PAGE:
‘And the dead?’

‘Sacrifices to the State Empire,’ she said, waving her hand. ‘Motes that pass before the eye of the Emperor. All our souls drift. Some towards fortune, some towards death.’

‘And some towards mercenary machine guns and machetes?’

Now the girl’s smile widened.

‘Indeed.’ She pressed a finger to her ear, activating her personal closed-band communicator. ‘And monofilament.’ She lowered her voice, speaking gravely. ‘Let the test begin.’

*   *   *

‘The server room’s this way,’ said Sami, motioning down a long corridor. A small security camera fixed to the ceiling made an incremental movement, focusing on the Bashi Bazouk. Sami saw it, gave a comical bow and then trust his fist in its direction, his thumb between his index and middle finger. A traditional obscene gesture. ‘Look, they’re watching us.’

‘Doesn’t matter,’ said Bilal, stomping past his comrade, his boarding shotgun a reassuring weight in his powerful arms. ‘We’ll have dusted off long before anybody watches the footage. Besides, you’re buried under about a hundred aliases already.’

This was true. Though most of the action they saw was as part of a largely covert force, they were sometimes involved in less secretive operations. Raiding transports, blowing up power stations, sending a message to small bands of space pirates preying on Silk suppliers. It had got to the point where their real identities had not only been erased from most databanks, but had been replaced by an endless spam of fake names and backgrounds. Even the names they used for one another had no real meaning and the only way employers could hire them was via intricate, aggressively-firewalled and extremely obtuse communication networks.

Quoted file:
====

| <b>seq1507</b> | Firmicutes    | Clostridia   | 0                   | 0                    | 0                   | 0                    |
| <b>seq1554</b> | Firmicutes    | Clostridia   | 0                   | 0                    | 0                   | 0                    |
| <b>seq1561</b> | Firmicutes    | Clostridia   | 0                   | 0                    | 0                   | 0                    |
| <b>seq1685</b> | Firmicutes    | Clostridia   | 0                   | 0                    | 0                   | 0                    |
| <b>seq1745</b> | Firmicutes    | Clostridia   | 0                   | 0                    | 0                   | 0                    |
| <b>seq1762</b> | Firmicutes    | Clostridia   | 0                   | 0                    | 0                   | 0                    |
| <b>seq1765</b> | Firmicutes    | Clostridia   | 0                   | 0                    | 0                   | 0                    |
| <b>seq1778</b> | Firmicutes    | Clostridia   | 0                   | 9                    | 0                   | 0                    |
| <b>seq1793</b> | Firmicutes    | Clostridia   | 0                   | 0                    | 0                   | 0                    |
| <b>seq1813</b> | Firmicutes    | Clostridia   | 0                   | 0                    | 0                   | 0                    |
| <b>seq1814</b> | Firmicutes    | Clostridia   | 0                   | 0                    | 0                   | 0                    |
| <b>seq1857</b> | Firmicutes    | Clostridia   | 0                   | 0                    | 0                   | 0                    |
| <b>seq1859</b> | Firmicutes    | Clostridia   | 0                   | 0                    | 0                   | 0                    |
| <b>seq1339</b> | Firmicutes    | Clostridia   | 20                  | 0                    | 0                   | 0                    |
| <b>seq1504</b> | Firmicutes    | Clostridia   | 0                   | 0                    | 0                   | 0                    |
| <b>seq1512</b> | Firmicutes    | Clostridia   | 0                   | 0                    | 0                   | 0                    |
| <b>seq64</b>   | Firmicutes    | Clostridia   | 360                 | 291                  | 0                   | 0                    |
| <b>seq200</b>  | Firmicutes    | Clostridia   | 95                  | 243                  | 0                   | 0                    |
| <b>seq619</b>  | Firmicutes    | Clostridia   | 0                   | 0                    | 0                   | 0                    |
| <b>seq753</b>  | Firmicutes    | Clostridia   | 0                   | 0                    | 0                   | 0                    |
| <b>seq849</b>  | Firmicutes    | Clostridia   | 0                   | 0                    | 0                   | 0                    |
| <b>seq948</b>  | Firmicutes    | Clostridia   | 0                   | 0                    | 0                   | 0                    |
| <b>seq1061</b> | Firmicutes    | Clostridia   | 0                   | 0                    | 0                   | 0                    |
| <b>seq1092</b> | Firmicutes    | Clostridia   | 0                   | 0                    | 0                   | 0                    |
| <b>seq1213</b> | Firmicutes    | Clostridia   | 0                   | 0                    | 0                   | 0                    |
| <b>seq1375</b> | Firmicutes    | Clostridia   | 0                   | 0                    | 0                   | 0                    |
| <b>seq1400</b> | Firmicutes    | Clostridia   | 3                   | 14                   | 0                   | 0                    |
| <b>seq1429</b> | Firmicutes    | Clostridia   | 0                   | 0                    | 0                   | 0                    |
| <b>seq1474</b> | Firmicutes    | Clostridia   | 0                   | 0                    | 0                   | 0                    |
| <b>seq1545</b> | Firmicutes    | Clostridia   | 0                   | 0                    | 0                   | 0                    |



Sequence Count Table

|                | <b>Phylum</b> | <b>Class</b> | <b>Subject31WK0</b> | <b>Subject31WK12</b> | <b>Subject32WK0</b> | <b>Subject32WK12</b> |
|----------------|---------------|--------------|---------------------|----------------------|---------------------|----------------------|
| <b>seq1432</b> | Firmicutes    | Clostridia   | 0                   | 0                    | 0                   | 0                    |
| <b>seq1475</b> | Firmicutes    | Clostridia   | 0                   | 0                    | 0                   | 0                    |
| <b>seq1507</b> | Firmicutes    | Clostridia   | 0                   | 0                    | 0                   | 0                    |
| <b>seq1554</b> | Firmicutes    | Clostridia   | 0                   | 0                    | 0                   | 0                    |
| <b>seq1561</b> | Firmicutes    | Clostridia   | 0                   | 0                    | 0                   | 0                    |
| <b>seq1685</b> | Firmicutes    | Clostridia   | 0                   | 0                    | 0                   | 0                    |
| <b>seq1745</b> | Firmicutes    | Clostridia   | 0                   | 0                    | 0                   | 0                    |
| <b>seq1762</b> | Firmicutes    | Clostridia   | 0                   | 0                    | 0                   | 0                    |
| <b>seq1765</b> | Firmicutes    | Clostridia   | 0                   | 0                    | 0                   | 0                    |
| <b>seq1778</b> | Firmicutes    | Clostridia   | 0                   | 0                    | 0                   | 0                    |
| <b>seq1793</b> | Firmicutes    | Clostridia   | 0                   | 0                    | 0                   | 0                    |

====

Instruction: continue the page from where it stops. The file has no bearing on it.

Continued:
Such was the life of a mercenary in humanity’s glittering future.

Bilal had reached the door, glancing up at the camera as he probed the lock.

‘Here we go,’ he said, sliding a card through the lock. A red light blinked back at him. He frowned and tried again. ‘Damn it.’

‘What?’ Sami said, joining the other Bashi Bazouk by the door.

‘The card’s no good. Bloody Druze. Their entire intelligence network is donkey balls.’

Sami cursed under his breath and gestured to Jenny, who was keeping watch on the elevator from a nest of ruined desks and computers. She saw him and dashed over.

‘They said you were some sort of specialist,’ Sami said, eyebrow raised. ‘That right?’

Jenny Keriloglu shrugged.

‘Can you open this?’

She looked at the lock and chewed her lip.

‘I might have something.’

The two men stepped aside as Jenny crouched on the carpet by the lock. She removed her pack and splayed it on the floor next to her, fishing out what looked like a half-chewed circuitboard in bubblewrap. She removed the protective wrapping and fixed a cable onto the board before running the other end into a card holder. Biting her lip now, she waved her hand at Bilal who handed the card over. She slid it into the reader, fiddled with the switches on the circuit board, and then slid the card through the lock.

The door opened.

‘Nice work,’ said Sami. ‘How about that, eh, Bilal?’

Bilal grunted and stepped into the server room. He paused on the threshold, the hairs on the back of his thick neck bristling.

‘You hear that?’

‘I hear nothing,’ said Sami blankly.

‘The gunfire,’ said Jenny. ‘It’s stopped.’


The elevator door pinged. Sami and Bilal exchanged a glance. Some silent understanding passed between them and Sami nodded, rushing into the office where he slid to one knee and raised his combi-rifle, pointing it at the elevator. The door slid open. Inside, the light was stark, almost garish. Nobody stepped out. Sami swallowed, mopped sweat from his brow and flexed his finger on the trigger of his firearm.

Bilal stepped aside for Jenny, jerking his head towards the servers inside the room. Holding his shotgun in his left hand, he fished a datastick out of the breast pocket of his dull ochre flak jacket. He tossed it down to her and then clasped his gun in both hands, setting his feet apart like he was on the deck of a ship in the middle of a storm.

‘Jack that in,’ he said. ‘The virus loaded onto it will get you access, and start the download. All you have to do is pull it out when it’s ready.’